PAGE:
The MTAS debacle9th May 2008
The Economist looks back at the failed Medical Training Application Service (MTAS) in the light of the inquest carried out in May 2008.
The "fiasco" that occurred in 2007 when the Department of Health attempted to set up a new application system for junior doctors was unparalleled.
On May 8 2008, an inquest was published by a group of MPs. Their report serves as "a cautionary tale" to the current government and the schemes to revamp the NHS.
MTAS was designed as an internet site where doctors who had recently obtained their qualifications were meant to submit their applications.
Although it went live in January 2007, it was scrapped by April. The site was plagued by "technical hitches, security breaches, legal challenges, demonstrations by junior doctors, emergency ministerial statements and high-profile resignations".
The report called it â€śthe biggest crisis within the medical profession in a generationâ€?.
The problems with the MTAS system were explored in the MP's report. One of the system's major failings was the standardised web-based application form.
The scoring system used in the application placed "little" importance on key details, including qualifications and experience.
Applicants were chosen because of their 150-word pieces on their leadership qualities and communication. As a consequence, the MTAS applications became, according to the report, â€ślittle more than a creative-writing exerciseâ€?.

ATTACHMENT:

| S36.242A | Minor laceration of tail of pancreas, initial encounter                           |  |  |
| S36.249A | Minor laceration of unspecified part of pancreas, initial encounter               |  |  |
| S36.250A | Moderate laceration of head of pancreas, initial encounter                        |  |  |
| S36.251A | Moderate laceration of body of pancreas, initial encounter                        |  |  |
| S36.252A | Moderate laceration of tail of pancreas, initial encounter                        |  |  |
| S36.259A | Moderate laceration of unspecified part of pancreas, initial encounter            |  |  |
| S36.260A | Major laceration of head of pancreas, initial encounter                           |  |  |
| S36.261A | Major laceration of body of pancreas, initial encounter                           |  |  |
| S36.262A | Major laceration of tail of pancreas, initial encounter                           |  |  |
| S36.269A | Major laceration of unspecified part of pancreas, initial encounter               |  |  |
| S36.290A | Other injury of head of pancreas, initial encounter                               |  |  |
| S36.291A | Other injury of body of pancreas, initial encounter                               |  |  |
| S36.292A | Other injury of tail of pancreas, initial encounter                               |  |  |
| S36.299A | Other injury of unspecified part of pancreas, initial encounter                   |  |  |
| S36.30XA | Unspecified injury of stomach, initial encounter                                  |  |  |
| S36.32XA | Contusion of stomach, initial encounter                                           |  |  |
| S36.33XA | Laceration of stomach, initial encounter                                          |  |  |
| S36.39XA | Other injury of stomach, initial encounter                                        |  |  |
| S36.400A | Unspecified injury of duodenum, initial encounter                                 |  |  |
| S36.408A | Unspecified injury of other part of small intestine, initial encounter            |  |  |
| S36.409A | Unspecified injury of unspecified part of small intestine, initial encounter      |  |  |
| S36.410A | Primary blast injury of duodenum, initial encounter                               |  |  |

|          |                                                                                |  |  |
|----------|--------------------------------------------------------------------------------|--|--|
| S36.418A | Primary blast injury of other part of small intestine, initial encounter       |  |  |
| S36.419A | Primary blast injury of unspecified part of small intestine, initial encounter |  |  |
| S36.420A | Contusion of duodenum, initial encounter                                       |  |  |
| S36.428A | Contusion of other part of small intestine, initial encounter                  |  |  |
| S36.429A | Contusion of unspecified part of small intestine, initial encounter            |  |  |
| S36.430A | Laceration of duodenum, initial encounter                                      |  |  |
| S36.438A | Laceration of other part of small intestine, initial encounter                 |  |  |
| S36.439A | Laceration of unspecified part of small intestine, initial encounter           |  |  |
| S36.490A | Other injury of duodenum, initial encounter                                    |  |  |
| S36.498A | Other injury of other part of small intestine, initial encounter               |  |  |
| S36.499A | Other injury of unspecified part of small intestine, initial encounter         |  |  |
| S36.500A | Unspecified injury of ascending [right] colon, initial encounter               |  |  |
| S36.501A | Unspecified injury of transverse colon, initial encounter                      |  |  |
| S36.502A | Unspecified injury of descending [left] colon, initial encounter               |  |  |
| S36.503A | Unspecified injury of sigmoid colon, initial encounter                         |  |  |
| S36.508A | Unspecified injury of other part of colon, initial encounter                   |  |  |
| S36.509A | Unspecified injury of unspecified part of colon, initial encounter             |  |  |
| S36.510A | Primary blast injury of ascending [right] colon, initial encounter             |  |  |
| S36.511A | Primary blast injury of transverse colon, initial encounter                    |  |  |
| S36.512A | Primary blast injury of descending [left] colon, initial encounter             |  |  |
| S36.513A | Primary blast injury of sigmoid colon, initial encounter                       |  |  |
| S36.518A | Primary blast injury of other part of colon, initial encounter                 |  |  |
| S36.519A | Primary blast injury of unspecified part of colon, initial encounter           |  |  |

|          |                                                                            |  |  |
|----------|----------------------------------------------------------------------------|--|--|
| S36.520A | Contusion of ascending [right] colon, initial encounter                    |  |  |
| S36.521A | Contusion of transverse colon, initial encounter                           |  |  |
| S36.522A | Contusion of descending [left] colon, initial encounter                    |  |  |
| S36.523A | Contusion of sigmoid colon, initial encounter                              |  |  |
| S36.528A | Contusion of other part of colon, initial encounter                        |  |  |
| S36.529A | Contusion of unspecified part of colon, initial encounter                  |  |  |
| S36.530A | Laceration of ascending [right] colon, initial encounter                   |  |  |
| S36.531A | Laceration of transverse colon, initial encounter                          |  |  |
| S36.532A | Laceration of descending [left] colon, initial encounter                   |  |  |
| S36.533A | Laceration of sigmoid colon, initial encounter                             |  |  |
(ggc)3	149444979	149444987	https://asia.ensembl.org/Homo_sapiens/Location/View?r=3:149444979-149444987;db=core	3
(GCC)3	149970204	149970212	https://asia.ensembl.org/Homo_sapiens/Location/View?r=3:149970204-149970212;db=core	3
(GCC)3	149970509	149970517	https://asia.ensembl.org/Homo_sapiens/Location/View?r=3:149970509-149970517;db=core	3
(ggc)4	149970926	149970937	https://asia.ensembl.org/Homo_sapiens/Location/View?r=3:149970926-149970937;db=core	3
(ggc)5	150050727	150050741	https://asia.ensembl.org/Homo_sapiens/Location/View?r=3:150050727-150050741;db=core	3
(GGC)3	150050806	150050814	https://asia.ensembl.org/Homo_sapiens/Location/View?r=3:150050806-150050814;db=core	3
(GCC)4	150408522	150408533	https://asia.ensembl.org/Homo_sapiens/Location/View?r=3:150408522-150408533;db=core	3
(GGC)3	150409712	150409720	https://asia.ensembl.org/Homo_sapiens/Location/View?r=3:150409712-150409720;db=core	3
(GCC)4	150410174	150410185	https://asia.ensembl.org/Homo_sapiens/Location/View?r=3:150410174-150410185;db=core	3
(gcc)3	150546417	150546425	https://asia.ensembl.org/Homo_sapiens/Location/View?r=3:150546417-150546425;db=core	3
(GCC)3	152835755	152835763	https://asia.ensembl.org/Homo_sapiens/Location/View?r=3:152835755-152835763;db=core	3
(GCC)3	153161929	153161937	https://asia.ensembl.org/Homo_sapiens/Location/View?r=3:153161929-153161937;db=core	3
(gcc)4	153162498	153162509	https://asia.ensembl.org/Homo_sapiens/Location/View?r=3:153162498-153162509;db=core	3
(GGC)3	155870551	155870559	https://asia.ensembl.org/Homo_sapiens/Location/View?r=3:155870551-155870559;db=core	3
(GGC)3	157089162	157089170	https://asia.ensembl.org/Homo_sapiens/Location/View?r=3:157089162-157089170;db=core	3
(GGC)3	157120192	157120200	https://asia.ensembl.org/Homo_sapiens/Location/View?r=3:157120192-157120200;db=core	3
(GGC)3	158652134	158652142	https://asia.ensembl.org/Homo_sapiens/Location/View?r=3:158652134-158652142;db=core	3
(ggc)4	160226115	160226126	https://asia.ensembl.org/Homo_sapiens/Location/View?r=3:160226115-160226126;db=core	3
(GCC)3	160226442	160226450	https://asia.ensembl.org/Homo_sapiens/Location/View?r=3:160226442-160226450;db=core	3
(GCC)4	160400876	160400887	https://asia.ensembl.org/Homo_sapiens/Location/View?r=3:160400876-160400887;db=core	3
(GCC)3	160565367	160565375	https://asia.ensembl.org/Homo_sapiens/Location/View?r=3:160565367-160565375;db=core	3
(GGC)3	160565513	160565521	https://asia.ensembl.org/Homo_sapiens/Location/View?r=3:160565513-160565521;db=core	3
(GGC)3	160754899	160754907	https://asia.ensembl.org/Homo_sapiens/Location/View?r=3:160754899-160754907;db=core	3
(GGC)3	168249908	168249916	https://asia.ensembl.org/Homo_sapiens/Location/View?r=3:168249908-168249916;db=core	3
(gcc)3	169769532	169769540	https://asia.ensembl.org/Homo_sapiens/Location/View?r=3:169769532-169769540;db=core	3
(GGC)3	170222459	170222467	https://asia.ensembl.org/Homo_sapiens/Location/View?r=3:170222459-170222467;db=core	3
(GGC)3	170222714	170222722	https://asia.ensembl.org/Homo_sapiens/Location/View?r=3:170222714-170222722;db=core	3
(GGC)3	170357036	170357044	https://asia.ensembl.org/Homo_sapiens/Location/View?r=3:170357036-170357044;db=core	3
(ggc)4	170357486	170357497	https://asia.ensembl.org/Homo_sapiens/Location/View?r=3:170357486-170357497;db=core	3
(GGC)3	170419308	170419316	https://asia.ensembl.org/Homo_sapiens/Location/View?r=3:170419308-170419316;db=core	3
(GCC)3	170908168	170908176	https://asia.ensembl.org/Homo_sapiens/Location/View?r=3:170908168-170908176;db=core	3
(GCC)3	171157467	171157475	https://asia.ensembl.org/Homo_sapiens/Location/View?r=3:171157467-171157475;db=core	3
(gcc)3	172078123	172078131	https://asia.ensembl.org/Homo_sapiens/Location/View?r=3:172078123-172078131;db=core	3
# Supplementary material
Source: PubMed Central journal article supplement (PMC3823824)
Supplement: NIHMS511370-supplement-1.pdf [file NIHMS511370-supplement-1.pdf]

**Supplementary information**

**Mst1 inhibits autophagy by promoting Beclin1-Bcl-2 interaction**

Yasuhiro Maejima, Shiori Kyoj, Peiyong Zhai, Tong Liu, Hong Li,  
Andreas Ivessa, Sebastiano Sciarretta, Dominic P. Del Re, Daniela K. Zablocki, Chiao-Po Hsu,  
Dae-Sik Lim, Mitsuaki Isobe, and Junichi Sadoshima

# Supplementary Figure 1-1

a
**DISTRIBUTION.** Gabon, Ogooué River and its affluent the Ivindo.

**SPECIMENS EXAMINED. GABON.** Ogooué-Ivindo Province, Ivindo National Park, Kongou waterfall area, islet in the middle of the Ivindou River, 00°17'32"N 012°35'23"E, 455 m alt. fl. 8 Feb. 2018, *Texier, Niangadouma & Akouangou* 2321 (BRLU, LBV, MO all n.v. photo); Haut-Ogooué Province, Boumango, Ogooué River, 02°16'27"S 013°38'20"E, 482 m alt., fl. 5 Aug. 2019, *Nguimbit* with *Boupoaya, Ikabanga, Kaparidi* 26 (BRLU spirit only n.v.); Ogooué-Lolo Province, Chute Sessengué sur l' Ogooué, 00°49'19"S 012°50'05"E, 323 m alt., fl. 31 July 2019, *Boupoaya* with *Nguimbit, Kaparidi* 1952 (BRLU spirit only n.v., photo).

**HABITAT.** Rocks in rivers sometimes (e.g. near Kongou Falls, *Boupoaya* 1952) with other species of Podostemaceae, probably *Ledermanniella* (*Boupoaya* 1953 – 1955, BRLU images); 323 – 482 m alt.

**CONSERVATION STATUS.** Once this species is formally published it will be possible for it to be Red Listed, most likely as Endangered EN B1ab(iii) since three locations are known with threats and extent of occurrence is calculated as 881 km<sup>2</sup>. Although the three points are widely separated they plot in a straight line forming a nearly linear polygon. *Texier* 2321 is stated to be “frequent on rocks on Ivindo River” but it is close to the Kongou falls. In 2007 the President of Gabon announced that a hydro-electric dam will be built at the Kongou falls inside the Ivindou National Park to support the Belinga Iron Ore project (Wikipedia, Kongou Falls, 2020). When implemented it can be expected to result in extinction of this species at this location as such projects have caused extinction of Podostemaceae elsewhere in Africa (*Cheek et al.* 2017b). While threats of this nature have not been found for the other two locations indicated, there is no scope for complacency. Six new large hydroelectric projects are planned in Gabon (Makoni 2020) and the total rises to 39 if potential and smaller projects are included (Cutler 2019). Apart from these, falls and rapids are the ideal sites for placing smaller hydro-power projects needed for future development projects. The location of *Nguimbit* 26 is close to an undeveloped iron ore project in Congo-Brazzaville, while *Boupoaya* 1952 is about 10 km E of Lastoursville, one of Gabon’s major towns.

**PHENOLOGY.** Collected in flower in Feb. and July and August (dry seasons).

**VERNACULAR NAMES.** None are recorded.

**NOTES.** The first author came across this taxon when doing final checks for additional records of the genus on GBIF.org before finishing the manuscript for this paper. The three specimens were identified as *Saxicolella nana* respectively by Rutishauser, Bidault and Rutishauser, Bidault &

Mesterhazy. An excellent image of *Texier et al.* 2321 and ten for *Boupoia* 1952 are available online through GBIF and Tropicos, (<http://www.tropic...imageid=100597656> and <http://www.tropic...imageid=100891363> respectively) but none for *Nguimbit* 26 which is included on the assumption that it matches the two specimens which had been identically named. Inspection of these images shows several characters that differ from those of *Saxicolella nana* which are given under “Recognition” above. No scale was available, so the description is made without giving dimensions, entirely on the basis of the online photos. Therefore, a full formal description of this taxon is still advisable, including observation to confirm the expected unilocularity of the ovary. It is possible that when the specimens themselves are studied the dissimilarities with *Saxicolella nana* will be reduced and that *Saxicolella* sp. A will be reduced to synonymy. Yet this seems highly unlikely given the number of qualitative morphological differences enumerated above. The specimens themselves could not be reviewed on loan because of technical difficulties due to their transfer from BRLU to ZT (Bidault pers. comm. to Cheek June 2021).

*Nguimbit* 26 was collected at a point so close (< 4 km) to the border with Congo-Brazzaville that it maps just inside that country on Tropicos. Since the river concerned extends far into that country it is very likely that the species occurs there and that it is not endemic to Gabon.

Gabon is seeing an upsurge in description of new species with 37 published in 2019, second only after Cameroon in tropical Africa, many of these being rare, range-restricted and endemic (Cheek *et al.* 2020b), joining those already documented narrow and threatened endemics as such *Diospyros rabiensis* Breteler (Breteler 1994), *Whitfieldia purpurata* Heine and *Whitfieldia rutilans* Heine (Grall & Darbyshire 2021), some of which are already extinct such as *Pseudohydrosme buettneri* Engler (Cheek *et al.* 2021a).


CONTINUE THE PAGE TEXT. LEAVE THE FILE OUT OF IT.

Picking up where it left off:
The decision to impose one start date on August 1 ensured that hospitals were deluged with junior doctors. Other problems included poor project management and security compromises.
The idea that applications from overseas candidates should be restricted made the situation worse. A legal case meant that the government's decision to offer overseas candidates places only if no resident candidates applied was overturned.
This meant more than 10,000 overseas doctors submitted application using MTAS. The pressure on the system turned it into a disorganised competition.
Although the system may have been scrapped, the problems associated with technology and the health service are still evident. The scheme which wants to transfer every UK patients' details onto one database is "behind schedule and over budget".
Lord Darzi's review of the health service could suggest a complete "reorganisation" of the NHS. If this is the case, more "disturbing autopsy reports" could arise in the future.
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